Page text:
But at the end of the day, what this industry suffers from above all is its absence of self-perspective. It lacks that proverbial advisor brave enough to tell the emperor his tailor fooled him and that he is in fact naked. This has led Silicon Valley to start showing the world its true face: that of an industry whose apparent awesomeness actually stems from a severe excess of self-confidence.

So the “technology industry” is the one that’s busy creating apps to remind you to get up from your couch and walk? Talk about making yourself more important than you are.

Start with its self-appointed denomination: tech. There are scientists in the world today working on things like restoring limb function for the paralyzed, but the sector that finds it fitting to call itself the “technology industry” is busy focusing on things like finding new ways to get you to constantly check your notifications, or creating an app to remind you to get up from your couch and walk. Ok, so that’s “tech”. Talk about making yourself more important than you are.

Of course, we are all complicit to this blind pretentiousness. Putting companies like Apple or Facebook on god-like pedestals, admiring cunning businessmen as amazing visionaries, giving services such as social networks a disproportionate importance in our lives; all that is just going too far. No other industry has benefitted from such an unreasonably positive public perception before (even ones that would actually deserve it), and that had to come crashing down sooner or later.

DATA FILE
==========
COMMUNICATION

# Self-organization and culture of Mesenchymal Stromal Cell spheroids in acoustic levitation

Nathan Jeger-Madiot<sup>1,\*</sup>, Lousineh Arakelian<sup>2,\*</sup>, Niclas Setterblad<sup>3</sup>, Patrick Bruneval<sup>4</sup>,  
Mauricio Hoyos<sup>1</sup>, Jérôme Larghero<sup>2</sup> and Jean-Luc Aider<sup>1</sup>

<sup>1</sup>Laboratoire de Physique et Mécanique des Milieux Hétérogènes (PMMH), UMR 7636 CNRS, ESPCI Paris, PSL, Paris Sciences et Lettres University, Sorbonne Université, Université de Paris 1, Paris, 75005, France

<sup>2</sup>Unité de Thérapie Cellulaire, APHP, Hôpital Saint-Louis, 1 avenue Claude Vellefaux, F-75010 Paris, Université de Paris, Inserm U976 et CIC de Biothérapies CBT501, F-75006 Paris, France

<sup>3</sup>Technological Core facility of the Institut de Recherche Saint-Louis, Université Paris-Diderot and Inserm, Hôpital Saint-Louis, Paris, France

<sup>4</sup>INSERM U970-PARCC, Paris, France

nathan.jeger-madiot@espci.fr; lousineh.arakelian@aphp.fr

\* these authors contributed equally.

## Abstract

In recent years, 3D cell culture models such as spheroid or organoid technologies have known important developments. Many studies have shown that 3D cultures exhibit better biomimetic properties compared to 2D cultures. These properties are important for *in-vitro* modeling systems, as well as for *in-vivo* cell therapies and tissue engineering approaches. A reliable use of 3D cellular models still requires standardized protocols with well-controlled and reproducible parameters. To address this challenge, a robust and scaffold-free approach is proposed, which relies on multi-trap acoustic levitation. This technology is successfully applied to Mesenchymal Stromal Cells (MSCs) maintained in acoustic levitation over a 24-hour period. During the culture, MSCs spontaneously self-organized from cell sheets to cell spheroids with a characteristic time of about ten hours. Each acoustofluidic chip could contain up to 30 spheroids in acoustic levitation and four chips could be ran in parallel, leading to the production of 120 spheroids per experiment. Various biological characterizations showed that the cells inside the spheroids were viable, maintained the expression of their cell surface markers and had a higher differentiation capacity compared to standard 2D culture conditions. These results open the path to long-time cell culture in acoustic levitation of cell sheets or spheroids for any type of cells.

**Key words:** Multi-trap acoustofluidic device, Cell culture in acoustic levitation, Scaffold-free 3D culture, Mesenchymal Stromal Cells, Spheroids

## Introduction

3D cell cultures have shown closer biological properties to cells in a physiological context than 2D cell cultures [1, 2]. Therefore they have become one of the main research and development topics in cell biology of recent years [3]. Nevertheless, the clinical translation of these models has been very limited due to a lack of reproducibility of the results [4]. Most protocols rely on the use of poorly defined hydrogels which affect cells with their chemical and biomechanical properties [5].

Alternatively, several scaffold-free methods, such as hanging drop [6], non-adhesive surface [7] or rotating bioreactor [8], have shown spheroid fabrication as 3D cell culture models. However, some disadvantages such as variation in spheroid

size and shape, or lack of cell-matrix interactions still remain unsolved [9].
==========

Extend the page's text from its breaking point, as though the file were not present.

Like television before it, this is an industry that shines so bright in our collective eyes that any sense of reality becomes obliterated by its unchecked power, bloated salaries, excessive media attention and reckless influence. But contrary to the old-fashioned TV industry, Silicon Valley doesn’t reign over a country or two, but over the whole world. Its excesses are that much more considerable.

The higher the ivory tower…

When you look at it this way, it’s no surprise Silicon Valley is falling from its pedestal — it’s actually surprising it didn’t fall sooner: this is an industry governed by a bunch of rich white males who pass for humanitarian entrepreneurs wanting to make a change but whose increasingly excessive power is never in check. It produces services whose positive impact (facilitating the Arab Spring and enabling the #MeeToo movement was pretty cool, I’ll grant that) is almost always outweighed by the problems they create (cyber bullying, social media addiction, election tampering, personal data exploitation, echo chambers… need I continue?). It continues to consider itself as intrinsically progressive and world-bettering in spite of compelling evidence to the contrary.

The delusions of Silicon Valley have been freewheeling out of control for too long, and the erosion of the public’s faith has triggered their collapse.

When you work in the tobacco or the arms industry, or even in advertising, no one is going to let you believe you’re participating in the betterment of humankind through groundbreaking innovations. You just do your job and try not to think about the rest too much. The delusions of Silicon Valley have been freewheeling out of control for too long, and the erosion of the public’s faith has triggered their collapse. And of course, the higher the ivory tower, the higher the fall. Silicon Valley is balancing off the edge by the tip of its toes by now, about to crash down to its true status: that of an industry like so many others that generates lots of cash by coming up with new services, much of which we could do without.

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Patrick H.

Patrick H.

French-American citizen of the world based in Paris. Former music journalist turned editorial content creator and concerned dweller of Earth.